Pictured: US singer-songwriter and stadium sellout sensation Taylor Swift

Music does wonders for your brain. Here’s how it works

As artists like Taylor Swift, Stormzy and Fred Again grace our shores, psychologist and Flow State Space founder Rashida Dungarwalla reflects on one of her core passions: the psychology of music.

With the recent frenzy that’s been whipped up in Australia due to some amazing artists we have landed on our shores of late, I’ve been thinking – what is it that makes music so incredible for our brains? 

Music is powerful. Music is universal. Its impact crosses all known human cultures. We use it to feel, connect, celebrate, grieve, reminisce, express, identify, storytell and move. 

Music activates so many different parts of our brain and the research on how it can impact and manipulate our moods all the way to our aging process is pretty outstanding. Music allows for a full brain workout. 

Image: Stormzy.

Our limbic system, which is made up of various brain structures responsible for things such as our emotion processing, behaviour regulation, motivation and memory, is just one of the zones in which we process music.

We will experience a release of the neurotransmitters dopamine (linked to pleasure, motivation and satisfaction) serotonin (reward, regulation of emotion) and a decrease in cortisol (stress hormone) when listening to and even creating music.

Music processing has been seen to utilise almost every part of our brain. From when we first hear a beat and it activates the auditory cortex to the emotional processing that comes afterwards. This is important due to the influence it has on our overall health throughout our lives. It can be seen as a tool to continue to use in support of both our psychological and physical health. 

Music is important in our understanding of the self as well as the collective. 

I have distinct memories of hearing some of my favourite songs for the first time. I can clearly envision where I was, who I was with, what I was wearing, and most importantly the way the music made me feel. All of this helps us create an understanding of who we are … what we like, what’s important to us and then causing us to make space to reflect on why. Whether it’s the lyrics or the composition of the melody, music can often speak to a part of us that was desiring to be seen. 

In celebration of Fred Again and the recent frenzy he has whipped up both IRL and on social media, and coming from a day 1 number one fan, I still remember when I heard his song “Angie (I’ve been lost)” a remix of Australia’s Angie McMahons song “lost” for the first time. The lyrics were like a fire starter to my heart and body. With lyrics “I’ve been lost for a while... But I'm really tryin’...” I almost immediately started crying. I had a surge of emotion. I felt seen to all of the times I myself had felt lost and tried hard to make sense of the experience. I thought of clients who describe feeling lost and working so hard in therapy to make sense of their experiences. It started a deep dive into his entire catalog and evidence of all of the power music has over us.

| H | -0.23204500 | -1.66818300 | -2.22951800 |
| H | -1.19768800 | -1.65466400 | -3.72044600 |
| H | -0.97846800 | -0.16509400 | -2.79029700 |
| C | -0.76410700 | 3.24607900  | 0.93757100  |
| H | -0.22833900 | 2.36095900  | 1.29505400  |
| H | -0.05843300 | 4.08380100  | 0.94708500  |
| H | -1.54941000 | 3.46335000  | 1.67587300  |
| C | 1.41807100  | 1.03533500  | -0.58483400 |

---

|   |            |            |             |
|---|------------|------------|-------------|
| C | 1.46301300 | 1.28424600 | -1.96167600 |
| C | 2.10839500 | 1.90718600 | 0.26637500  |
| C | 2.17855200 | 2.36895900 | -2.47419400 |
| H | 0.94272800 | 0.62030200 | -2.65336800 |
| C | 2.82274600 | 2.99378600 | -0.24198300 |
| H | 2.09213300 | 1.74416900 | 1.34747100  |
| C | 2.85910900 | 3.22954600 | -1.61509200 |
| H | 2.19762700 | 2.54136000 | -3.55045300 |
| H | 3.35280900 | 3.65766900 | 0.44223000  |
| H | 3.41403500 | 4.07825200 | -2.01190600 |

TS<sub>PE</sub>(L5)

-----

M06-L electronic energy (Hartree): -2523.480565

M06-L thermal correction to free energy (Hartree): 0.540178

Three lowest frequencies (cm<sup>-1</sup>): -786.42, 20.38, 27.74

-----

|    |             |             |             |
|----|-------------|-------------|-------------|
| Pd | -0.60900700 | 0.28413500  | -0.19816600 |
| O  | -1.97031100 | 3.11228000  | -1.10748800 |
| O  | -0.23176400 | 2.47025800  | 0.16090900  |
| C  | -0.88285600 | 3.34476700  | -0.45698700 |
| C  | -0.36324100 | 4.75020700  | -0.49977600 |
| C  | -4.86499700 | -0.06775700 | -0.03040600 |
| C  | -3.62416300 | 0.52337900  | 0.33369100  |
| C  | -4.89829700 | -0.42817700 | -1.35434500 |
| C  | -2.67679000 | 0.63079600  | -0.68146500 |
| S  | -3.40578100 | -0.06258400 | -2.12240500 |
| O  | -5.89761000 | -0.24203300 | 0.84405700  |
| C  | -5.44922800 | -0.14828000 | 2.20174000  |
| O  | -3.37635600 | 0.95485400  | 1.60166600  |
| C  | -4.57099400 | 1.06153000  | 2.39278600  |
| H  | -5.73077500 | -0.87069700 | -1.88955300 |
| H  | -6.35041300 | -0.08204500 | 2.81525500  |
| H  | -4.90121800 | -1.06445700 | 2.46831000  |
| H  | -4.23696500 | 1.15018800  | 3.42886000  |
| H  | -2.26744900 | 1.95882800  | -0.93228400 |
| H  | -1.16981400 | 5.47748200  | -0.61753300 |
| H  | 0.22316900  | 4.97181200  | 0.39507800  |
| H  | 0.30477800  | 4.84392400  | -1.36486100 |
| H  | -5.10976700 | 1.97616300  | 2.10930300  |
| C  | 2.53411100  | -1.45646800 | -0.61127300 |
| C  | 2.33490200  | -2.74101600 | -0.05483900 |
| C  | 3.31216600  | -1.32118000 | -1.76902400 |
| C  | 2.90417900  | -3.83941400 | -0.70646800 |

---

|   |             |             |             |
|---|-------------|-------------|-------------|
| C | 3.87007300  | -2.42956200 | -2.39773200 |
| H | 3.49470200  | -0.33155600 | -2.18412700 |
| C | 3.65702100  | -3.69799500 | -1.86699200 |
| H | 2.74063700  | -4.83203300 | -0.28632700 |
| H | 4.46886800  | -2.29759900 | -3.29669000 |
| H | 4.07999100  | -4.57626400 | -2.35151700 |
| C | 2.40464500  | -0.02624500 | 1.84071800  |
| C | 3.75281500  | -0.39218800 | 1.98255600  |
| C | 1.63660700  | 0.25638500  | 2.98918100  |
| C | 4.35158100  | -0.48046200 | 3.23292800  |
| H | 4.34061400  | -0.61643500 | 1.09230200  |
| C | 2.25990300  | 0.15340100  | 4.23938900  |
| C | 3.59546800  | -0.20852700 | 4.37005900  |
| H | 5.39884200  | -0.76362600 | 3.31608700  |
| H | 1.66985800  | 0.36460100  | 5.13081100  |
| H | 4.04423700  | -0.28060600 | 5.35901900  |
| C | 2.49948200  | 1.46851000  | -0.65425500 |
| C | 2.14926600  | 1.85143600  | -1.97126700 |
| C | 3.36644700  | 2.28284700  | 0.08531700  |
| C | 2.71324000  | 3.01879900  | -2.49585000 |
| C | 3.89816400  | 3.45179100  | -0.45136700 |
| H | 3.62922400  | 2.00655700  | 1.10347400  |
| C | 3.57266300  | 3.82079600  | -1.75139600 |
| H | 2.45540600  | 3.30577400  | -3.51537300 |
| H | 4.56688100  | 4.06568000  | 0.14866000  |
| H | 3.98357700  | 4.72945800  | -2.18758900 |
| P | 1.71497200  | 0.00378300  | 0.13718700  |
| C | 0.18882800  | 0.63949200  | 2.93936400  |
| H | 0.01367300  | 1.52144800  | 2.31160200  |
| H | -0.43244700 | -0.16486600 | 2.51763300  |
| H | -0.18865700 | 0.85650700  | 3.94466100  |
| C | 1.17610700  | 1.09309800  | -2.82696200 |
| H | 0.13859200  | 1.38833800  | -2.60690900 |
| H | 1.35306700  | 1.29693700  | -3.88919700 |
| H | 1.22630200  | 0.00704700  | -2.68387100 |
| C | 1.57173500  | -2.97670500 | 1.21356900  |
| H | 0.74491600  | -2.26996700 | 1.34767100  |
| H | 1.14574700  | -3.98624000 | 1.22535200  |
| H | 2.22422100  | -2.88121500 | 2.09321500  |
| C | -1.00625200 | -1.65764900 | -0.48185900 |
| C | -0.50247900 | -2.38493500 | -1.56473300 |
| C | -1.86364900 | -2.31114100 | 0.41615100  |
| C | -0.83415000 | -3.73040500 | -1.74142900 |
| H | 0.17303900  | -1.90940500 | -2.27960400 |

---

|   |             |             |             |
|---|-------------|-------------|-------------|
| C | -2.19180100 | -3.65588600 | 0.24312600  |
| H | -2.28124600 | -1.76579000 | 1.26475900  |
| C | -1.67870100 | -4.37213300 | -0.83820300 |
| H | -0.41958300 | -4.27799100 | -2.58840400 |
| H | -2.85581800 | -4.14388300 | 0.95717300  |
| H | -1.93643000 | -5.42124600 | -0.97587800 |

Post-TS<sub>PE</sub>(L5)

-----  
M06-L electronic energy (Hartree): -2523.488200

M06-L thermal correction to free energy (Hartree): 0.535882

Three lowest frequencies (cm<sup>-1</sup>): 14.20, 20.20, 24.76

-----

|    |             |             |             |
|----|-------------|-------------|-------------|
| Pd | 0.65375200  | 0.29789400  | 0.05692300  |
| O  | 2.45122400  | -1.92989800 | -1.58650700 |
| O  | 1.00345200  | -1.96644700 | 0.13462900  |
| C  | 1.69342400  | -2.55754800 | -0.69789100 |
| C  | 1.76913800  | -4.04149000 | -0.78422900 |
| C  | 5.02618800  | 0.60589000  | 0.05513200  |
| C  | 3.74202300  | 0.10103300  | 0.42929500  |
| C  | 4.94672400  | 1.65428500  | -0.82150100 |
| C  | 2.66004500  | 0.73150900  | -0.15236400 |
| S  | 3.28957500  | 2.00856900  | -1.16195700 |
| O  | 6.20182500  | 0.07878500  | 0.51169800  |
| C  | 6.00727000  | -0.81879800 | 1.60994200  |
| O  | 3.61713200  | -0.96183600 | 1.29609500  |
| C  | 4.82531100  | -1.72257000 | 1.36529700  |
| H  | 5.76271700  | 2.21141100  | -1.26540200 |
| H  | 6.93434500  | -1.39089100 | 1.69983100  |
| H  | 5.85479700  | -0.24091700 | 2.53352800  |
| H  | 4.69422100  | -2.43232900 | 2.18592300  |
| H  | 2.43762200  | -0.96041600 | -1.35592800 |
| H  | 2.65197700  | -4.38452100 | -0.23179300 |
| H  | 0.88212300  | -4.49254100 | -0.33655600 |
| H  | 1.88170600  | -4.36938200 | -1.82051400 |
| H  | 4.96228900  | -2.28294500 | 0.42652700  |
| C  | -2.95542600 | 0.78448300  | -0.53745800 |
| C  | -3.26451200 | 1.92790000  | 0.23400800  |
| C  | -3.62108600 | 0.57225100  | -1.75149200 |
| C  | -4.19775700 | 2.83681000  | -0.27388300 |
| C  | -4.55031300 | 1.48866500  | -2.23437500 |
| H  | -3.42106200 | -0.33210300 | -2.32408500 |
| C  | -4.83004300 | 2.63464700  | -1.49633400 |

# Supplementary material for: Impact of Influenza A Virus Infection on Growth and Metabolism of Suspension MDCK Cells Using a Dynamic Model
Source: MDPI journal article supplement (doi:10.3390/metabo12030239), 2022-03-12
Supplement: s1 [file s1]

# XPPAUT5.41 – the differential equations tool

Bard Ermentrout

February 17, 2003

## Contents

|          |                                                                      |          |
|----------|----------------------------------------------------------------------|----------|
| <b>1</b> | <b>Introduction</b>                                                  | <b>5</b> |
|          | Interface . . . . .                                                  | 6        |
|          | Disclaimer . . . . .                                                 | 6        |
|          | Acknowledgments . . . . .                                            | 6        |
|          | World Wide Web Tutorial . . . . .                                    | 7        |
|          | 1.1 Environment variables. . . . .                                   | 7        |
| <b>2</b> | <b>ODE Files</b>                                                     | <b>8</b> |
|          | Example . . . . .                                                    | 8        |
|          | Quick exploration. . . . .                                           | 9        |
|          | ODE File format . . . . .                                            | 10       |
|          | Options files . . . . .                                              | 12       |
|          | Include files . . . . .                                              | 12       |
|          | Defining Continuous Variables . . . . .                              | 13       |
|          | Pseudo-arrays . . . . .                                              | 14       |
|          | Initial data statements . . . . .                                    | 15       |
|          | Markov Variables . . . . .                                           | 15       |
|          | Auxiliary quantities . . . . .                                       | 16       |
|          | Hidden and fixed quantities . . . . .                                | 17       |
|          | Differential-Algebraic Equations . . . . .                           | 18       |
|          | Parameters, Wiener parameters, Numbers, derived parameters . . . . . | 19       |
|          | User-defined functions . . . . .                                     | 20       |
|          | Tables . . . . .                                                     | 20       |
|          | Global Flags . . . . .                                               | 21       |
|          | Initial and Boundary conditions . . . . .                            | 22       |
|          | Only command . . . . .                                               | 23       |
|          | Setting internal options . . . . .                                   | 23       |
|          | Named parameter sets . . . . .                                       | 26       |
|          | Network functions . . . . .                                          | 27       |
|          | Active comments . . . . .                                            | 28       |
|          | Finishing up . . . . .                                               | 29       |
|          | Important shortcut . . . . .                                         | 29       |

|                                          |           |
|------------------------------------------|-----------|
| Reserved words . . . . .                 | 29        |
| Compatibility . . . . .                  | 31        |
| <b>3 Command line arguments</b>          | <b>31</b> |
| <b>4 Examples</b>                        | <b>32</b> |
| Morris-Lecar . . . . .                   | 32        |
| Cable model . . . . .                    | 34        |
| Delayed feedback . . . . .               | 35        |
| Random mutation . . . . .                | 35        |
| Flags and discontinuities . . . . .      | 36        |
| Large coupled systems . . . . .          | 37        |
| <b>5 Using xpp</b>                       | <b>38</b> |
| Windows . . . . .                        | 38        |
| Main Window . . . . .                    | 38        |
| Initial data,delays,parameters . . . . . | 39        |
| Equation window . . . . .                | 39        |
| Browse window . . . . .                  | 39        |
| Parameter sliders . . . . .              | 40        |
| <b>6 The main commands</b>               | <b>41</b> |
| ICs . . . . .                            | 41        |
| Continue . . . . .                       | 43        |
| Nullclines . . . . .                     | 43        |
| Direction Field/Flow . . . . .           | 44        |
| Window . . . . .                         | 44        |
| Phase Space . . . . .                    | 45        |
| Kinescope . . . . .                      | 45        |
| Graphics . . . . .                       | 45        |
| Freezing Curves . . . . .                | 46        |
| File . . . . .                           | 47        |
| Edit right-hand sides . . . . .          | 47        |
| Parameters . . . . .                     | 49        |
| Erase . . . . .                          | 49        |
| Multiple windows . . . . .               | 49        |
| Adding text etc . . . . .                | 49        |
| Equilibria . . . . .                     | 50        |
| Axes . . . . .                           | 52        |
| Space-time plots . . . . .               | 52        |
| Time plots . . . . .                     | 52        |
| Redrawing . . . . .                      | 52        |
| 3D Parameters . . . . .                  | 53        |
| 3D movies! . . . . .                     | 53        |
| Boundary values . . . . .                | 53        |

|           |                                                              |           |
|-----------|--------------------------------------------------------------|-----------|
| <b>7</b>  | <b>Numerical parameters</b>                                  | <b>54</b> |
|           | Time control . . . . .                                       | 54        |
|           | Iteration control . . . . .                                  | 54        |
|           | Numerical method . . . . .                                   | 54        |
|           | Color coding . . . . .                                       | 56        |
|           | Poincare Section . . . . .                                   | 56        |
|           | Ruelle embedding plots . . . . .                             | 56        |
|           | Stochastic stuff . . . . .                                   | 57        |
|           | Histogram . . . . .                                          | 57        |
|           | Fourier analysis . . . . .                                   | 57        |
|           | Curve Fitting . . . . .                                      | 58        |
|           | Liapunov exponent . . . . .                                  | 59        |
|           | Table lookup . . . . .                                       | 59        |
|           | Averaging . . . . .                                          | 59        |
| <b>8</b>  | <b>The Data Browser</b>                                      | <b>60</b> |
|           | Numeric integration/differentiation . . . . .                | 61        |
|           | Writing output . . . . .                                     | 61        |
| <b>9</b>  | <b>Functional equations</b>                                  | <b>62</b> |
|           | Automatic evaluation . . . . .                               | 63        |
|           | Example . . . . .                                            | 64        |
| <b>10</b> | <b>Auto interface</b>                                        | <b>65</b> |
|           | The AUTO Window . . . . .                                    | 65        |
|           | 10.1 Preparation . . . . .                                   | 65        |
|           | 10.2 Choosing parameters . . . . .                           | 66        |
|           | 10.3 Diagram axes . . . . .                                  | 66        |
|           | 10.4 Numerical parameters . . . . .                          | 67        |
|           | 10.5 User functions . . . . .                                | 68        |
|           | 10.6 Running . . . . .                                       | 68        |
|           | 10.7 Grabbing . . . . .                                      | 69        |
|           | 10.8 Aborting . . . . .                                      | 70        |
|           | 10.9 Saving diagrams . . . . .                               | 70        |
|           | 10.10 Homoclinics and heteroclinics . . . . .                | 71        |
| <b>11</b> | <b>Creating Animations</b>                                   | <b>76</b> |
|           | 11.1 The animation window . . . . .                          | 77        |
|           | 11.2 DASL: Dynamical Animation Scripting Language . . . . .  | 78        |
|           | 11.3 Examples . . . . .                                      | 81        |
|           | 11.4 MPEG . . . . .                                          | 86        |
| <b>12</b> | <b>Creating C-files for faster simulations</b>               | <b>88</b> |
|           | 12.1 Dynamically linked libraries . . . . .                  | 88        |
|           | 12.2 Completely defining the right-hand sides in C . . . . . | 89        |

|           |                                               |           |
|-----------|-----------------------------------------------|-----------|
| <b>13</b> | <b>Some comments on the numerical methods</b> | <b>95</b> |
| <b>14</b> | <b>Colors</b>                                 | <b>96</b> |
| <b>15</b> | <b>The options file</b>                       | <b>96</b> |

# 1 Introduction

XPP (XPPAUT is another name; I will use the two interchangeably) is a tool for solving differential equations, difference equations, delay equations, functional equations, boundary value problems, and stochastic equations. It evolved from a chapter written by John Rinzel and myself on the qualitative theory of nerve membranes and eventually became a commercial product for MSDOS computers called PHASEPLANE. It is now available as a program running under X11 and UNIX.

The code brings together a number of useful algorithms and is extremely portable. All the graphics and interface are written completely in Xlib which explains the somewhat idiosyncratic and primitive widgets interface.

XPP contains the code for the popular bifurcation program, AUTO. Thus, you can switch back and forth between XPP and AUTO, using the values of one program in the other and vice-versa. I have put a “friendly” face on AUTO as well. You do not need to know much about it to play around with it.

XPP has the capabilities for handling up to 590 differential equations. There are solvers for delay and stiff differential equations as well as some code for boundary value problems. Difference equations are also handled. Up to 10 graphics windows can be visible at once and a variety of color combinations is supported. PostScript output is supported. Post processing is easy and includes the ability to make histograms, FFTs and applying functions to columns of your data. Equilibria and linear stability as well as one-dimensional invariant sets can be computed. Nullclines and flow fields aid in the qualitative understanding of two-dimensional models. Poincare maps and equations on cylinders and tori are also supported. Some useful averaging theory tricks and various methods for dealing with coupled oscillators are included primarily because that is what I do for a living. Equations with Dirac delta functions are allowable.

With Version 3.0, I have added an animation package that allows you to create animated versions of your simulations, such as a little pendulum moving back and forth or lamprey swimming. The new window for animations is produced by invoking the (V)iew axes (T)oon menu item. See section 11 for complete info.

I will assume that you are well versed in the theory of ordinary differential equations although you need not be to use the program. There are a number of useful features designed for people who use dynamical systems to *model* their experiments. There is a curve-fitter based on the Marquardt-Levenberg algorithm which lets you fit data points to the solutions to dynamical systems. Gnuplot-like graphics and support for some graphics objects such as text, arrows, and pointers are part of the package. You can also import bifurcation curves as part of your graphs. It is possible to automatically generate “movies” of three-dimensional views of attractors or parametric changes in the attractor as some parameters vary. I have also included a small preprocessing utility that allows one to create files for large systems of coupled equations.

Considering we are in a loneliness epidemic, music is a means to making us feel connected to something larger, often giving meaning to our experiences.

We can resonate with something within the song, whether it’s lyrics or the genre and that can provide a level of reassurance to the way we may be feeling or in knowing someone else is also feeling this way. Since the beginning of time music has a way of creating bonds. Bonds between parent and child, romantic partners, friends and within all relationship dynamics.

— Maya Angelou 

In terms of the science, music can cause us to lean further into a mood state or on the flip side help transition us out of a certain mood state. People often create playlists in accordance with their mood or to set the tone of an environment. I have set playlists to help support me in regulating my emotions, reminiscing on life experiences, motivating me for future events and bringing an added dimension to my existing life. 

Music is a form of catharsis and a practice of mindfulness in motion. A practice I often give clients is to listen to an album in full, often as the artist had intended their body of work to be listened to, and see what connections are made between songs, what is the story the music is conveying?

Music has both positive and negative impacts on our ability to perform and retain information. In a 2022 study into music’s impact on conditions such as Alzheimer’s, researchers Anna Maria Matziorinis and Stefan Koelsch found that “musical memory is partially spared in patients with Alzheimers, despite severe deficits in episodic (and partly semantic) memory. Alzheimer's patients can learn new songs, encode novel verbal information, and react emotionally to music. These effects of music have encouraged the use and development of music therapy for Alzheimer's management. Music interventions might be a promising means to delay and decelerate the neurodegeneration in individuals at risk for Alzheimer’s, such as individuals with genetic risk or subjective cognitive decline.”

— Elton John

Elton John is right. Music, and specifically singing, has been shown to have a significant positive impact on our immune system. Research has indicated that people who sing are happier and more emotionally and physically healthy. Humming can also initiate calm, activating our rest and digest or parasympathetic nervous system response.

Music is often incorporated into every area of our lives. Whether we are hearing it in the background at work, using it to mark celebrations and milestones, hearing it on our devices, being moved by it when watching a performance or using it to connect with someone or soothe ourselves. It is one of the greatest joys of life. 

“Music is the language of the spirit. It opens the secret of life bringing peace, abolishing strife.” 

– Kahlil Gibran